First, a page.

In your use of the Website and/or Services you shall: comply with all applicable laws, regulations, directives and legislations which apply to your Use of the Website and/or Services in whatever country you are physically located including without limitation any and all consumer law, export control laws and regulations; provide to us true, correct and accurate information and promptly inform us in the event that any information that you have provided to us changes or becomes inaccurate; notify Mondaq immediately of any circumstances where you have reason to believe that any Intellectual Property Rights or any other rights of any third party may have been infringed; co-operate with reasonable security or other checks or requests for information made by Mondaq from time to time; and at all times be fully liable for the breach of any of these Terms by a third party using your login details to access the Website and/or Services

however, you shall not: do anything likely to impair, interfere with or damage or cause harm or distress to any persons, or the network; do anything that will infringe any Intellectual Property Rights or other rights of Mondaq or any third party; or use the Website, Services and/or Content otherwise than in accordance with these Terms; use any trade marks or service marks of Mondaq or the Contributors, or do anything which may be seen to take unfair advantage of the reputation and goodwill of Mondaq or the Contributors, or the Website, Services and/or Content.

Mondaq reserves the right, in its sole discretion, to take any action that it deems necessary and appropriate in the event it considers that there is a breach or threatened breach of the Terms.

Mondaq’s Rights and Obligations

Unless otherwise expressly set out to the contrary, nothing in these Terms shall serve to transfer from Mondaq to you, any Intellectual Property Rights owned by and/or licensed to Mondaq and all rights, title and interest in and to such Intellectual Property Rights will remain exclusively with Mondaq and/or its licensors.

Mondaq shall use its reasonable endeavours to make the Website and Services available to you at all times, but we cannot guarantee an uninterrupted and fault free service.

Mondaq reserves the right to make changes to the services and/or the Website or part thereof, from time to time, and we may add, remove, modify and/or vary any elements of features and functionalities of the Website or the services.

Mondaq also reserves the right from time to time to monitor your Use of the Website and/or services.


The Content is general information only. It is not intended to constitute legal advice or seek to be the complete and comprehensive statement of the law, nor is it intended to address your specific requirements or provide advice on which reliance should be placed. Mondaq and/or its Contributors and other suppliers make no representations about the suitability of the information contained in the Content for any purpose. All Content provided "as is" without warranty of any kind. Mondaq and/or its Contributors and other suppliers hereby exclude and disclaim all representations, warranties or guarantees with regard to the Content, including all implied warranties and conditions of merchantability, fitness for a particular purpose, title and non-infringement. To the maximum extent permitted by law, Mondaq expressly excludes all representations, warranties, obligations, and liabilities arising out of or in connection with all Content. In no event shall Mondaq and/or its respective suppliers be liable for any special, indirect or consequential damages or any damages whatsoever resulting from loss of use, data or profits, whether in an action of contract, negligence or other tortious action, arising out of or in connection with the use of the Content or performance of Mondaq’s Services.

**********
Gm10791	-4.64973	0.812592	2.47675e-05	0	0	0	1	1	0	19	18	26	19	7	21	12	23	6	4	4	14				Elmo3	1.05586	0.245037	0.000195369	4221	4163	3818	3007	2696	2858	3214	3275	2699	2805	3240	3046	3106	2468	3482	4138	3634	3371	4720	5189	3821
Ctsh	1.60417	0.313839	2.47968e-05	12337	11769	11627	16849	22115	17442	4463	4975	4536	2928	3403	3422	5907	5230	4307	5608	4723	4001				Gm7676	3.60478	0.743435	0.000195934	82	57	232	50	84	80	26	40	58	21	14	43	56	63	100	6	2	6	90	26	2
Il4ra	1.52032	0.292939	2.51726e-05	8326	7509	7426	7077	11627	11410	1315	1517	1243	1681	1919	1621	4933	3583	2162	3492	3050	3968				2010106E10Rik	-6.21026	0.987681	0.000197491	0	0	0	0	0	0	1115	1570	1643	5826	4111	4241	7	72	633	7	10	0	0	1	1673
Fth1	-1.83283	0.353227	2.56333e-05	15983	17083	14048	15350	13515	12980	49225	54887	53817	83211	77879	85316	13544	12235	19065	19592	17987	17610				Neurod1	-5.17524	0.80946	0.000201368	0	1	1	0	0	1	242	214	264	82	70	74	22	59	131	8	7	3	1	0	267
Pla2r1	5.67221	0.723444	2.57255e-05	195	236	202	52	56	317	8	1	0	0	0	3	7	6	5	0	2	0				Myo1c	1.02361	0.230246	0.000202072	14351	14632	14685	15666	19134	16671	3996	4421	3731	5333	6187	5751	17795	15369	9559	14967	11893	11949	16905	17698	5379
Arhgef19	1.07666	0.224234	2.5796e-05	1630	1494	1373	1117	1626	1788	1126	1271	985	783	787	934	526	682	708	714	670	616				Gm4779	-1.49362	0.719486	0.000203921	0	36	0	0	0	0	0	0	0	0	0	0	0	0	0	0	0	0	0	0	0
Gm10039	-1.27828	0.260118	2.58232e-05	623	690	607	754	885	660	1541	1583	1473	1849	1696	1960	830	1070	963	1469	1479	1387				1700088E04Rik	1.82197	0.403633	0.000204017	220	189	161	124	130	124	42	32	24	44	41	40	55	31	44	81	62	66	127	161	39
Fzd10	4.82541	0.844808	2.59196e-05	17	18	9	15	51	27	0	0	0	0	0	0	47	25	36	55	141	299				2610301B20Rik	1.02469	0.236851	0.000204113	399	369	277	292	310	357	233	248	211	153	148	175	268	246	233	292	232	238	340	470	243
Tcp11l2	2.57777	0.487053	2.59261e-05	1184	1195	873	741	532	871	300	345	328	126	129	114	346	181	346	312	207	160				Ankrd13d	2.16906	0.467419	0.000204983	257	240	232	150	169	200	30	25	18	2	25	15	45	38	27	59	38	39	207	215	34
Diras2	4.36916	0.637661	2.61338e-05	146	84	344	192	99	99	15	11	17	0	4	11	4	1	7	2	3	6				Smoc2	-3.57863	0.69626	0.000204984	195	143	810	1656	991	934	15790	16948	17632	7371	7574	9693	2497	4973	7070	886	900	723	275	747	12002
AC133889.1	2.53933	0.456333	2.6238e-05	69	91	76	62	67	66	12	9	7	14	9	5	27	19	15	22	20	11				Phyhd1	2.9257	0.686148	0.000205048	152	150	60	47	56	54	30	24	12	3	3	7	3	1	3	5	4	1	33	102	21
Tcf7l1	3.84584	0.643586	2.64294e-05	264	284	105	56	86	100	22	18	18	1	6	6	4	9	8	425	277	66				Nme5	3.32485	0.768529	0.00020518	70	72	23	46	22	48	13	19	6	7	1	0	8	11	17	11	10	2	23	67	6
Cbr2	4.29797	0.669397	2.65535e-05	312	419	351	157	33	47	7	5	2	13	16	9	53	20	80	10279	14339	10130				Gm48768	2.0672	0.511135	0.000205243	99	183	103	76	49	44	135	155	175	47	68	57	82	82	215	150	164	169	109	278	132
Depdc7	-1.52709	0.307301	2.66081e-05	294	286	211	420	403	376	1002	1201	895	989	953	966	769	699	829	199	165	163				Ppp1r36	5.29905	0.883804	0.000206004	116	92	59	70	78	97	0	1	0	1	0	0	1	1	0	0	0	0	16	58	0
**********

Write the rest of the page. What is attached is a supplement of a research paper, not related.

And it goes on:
Mondaq may alter or amend these Terms by amending them on the Website. By continuing to Use the Services and/or the Website after such amendment, you will be deemed to have accepted any amendment to these Terms.

These Terms shall be governed by and construed in accordance with the laws of England and Wales and you irrevocably submit to the exclusive jurisdiction of the courts of England and Wales to settle any dispute which may arise out of or in connection with these Terms. If you live outside the United Kingdom, English law shall apply only to the extent that English law shall not deprive you of any legal protection accorded in accordance with the law of the place where you are habitually resident ("Local Law"). In the event English law deprives you of any legal protection which is accorded to you under Local Law, then these terms shall be governed by Local Law and any dispute or claim arising out of or in connection with these Terms shall be subject to the non-exclusive jurisdiction of the courts where you are habitually resident.

You may print and keep a copy of these Terms, which form the entire agreement between you and Mondaq and supersede any other communications or advertising in respect of the Service and/or the Website.

No delay in exercising or non-exercise by you and/or Mondaq of any of its rights under or in connection with these Terms shall operate as a waiver or release of each of your or Mondaq’s right. Rather, any such waiver or release must be specifically granted in writing signed by the party granting it.

If any part of these Terms is held unenforceable, that part shall be enforced to the maximum extent permissible so as to give effect to the intent of the parties, and the Terms shall continue in full force and effect.

Mondaq shall not incur any liability to you on account of any loss or damage resulting from any delay or failure to perform all or any part of these Terms if such delay or failure is caused, in whole or in part, by events, occurrences, or causes beyond the control of Mondaq. Such events, occurrences or causes will include, without limitation, acts of God, strikes, lockouts, server and network failure, riots, acts of war, earthquakes, fire and explosions.

By clicking Register you state you have read and agree to our Terms and Conditions